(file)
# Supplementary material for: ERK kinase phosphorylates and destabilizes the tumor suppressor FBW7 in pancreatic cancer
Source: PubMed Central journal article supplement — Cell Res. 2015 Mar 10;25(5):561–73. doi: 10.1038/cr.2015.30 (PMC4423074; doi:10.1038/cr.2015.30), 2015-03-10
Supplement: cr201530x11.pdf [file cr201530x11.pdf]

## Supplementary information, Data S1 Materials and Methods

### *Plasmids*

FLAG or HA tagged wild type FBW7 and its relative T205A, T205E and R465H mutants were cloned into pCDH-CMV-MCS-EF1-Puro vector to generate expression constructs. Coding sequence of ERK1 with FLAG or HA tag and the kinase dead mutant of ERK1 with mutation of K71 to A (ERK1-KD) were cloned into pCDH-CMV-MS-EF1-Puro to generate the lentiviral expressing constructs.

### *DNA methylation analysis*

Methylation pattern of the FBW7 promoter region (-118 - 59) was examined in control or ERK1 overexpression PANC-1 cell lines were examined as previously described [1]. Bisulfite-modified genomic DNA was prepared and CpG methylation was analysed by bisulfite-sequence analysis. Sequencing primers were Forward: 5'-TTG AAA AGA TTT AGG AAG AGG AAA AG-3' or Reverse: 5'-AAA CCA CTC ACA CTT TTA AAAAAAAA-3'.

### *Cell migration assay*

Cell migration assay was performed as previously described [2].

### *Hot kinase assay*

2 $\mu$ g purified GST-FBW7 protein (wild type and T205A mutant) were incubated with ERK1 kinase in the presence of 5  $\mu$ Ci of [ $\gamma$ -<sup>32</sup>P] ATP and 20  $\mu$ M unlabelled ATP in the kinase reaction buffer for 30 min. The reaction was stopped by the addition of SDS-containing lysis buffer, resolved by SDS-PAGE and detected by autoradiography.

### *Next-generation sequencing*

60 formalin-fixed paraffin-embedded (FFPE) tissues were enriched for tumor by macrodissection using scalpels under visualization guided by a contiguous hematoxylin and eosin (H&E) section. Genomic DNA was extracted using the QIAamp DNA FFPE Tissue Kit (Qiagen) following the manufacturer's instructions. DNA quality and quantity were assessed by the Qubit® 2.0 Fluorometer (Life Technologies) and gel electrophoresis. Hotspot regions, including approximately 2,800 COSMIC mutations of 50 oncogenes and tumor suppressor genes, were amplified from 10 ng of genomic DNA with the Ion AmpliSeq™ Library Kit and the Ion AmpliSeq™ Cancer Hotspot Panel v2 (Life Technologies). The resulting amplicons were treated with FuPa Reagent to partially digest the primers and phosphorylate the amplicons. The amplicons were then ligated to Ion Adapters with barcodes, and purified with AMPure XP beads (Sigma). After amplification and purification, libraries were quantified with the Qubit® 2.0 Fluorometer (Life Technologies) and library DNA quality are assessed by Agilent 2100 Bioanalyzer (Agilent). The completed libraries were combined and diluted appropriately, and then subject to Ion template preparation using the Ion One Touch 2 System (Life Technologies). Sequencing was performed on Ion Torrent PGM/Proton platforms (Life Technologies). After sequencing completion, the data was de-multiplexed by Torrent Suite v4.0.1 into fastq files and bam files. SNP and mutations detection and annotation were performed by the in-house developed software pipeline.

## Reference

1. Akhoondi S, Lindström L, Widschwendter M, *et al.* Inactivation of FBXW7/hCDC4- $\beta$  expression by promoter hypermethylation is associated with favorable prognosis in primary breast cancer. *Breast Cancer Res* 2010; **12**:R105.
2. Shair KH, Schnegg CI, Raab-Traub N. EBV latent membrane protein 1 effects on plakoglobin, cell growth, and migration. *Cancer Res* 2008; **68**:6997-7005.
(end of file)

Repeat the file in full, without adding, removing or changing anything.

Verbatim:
# Supplementary material for: ERK kinase phosphorylates and destabilizes the tumor suppressor FBW7 in pancreatic cancer
Source: PubMed Central journal article supplement — Cell Res. 2015 Mar 10;25(5):561–73. doi: 10.1038/cr.2015.30 (PMC4423074; doi:10.1038/cr.2015.30), 2015-03-10
Supplement: cr201530x11.pdf [file cr201530x11.pdf]

## Supplementary information, Data S1 Materials and Methods

### *Plasmids*

FLAG or HA tagged wild type FBW7 and its relative T205A, T205E and R465H mutants were cloned into pCDH-CMV-MCS-EF1-Puro vector to generate expression constructs. Coding sequence of ERK1 with FLAG or HA tag and the kinase dead mutant of ERK1 with mutation of K71 to A (ERK1-KD) were cloned into pCDH-CMV-MS-EF1-Puro to generate the lentiviral expressing constructs.

### *DNA methylation analysis*

Methylation pattern of the FBW7 promoter region (-118 - 59) was examined in control or ERK1 overexpression PANC-1 cell lines were examined as previously described [1]. Bisulfite-modified genomic DNA was prepared and CpG methylation was analysed by bisulfite-sequence analysis. Sequencing primers were Forward: 5'-TTG AAA AGA TTT AGG AAG AGG AAA AG-3' or Reverse: 5'-AAA CCA CTC ACA CTT TTA AAAAAAAA-3'.

### *Cell migration assay*

Cell migration assay was performed as previously described [2].

### *Hot kinase assay*

2 $\mu$ g purified GST-FBW7 protein (wild type and T205A mutant) were incubated with ERK1 kinase in the presence of 5  $\mu$ Ci of [ $\gamma$ -<sup>32</sup>P] ATP and 20  $\mu$ M unlabelled ATP in the kinase reaction buffer for 30 min. The reaction was stopped by the addition of SDS-containing lysis buffer, resolved by SDS-PAGE and detected by autoradiography.

### *Next-generation sequencing*

60 formalin-fixed paraffin-embedded (FFPE) tissues were enriched for tumor by macrodissection using scalpels under visualization guided by a contiguous hematoxylin and eosin (H&E) section. Genomic DNA was extracted using the QIAamp DNA FFPE Tissue Kit (Qiagen) following the manufacturer's instructions. DNA quality and quantity were assessed by the Qubit® 2.0 Fluorometer (Life Technologies) and gel electrophoresis. Hotspot regions, including approximately 2,800 COSMIC mutations of 50 oncogenes and tumor suppressor genes, were amplified from 10 ng of genomic DNA with the Ion AmpliSeq™ Library Kit and the Ion AmpliSeq™ Cancer Hotspot Panel v2 (Life Technologies). The resulting amplicons were treated with FuPa Reagent to partially digest the primers and phosphorylate the amplicons. The amplicons were then ligated to Ion Adapters with barcodes, and purified with AMPure XP beads (Sigma). After amplification and purification, libraries were quantified with the Qubit® 2.0 Fluorometer (Life Technologies) and library DNA quality are assessed by Agilent 2100 Bioanalyzer (Agilent). The completed libraries were combined and diluted appropriately, and then subject to Ion template preparation using the Ion One Touch 2 System (Life Technologies). Sequencing was performed on Ion Torrent PGM/Proton platforms (Life Technologies). After sequencing completion, the data was de-multiplexed by Torrent Suite v4.0.1 into fastq files and bam files. SNP and mutations detection and annotation were performed by the in-house developed software pipeline.

## Reference

1. Akhoondi S, Lindström L, Widschwendter M, *et al.* Inactivation of FBXW7/hCDC4- $\beta$  expression by promoter hypermethylation is associated with favorable prognosis in primary breast cancer. *Breast Cancer Res* 2010; **12**:R105.
2. Shair KH, Schnegg CI, Raab-Traub N. EBV latent membrane protein 1 effects on plakoglobin, cell growth, and migration. *Cancer Res* 2008; **68**:6997-7005.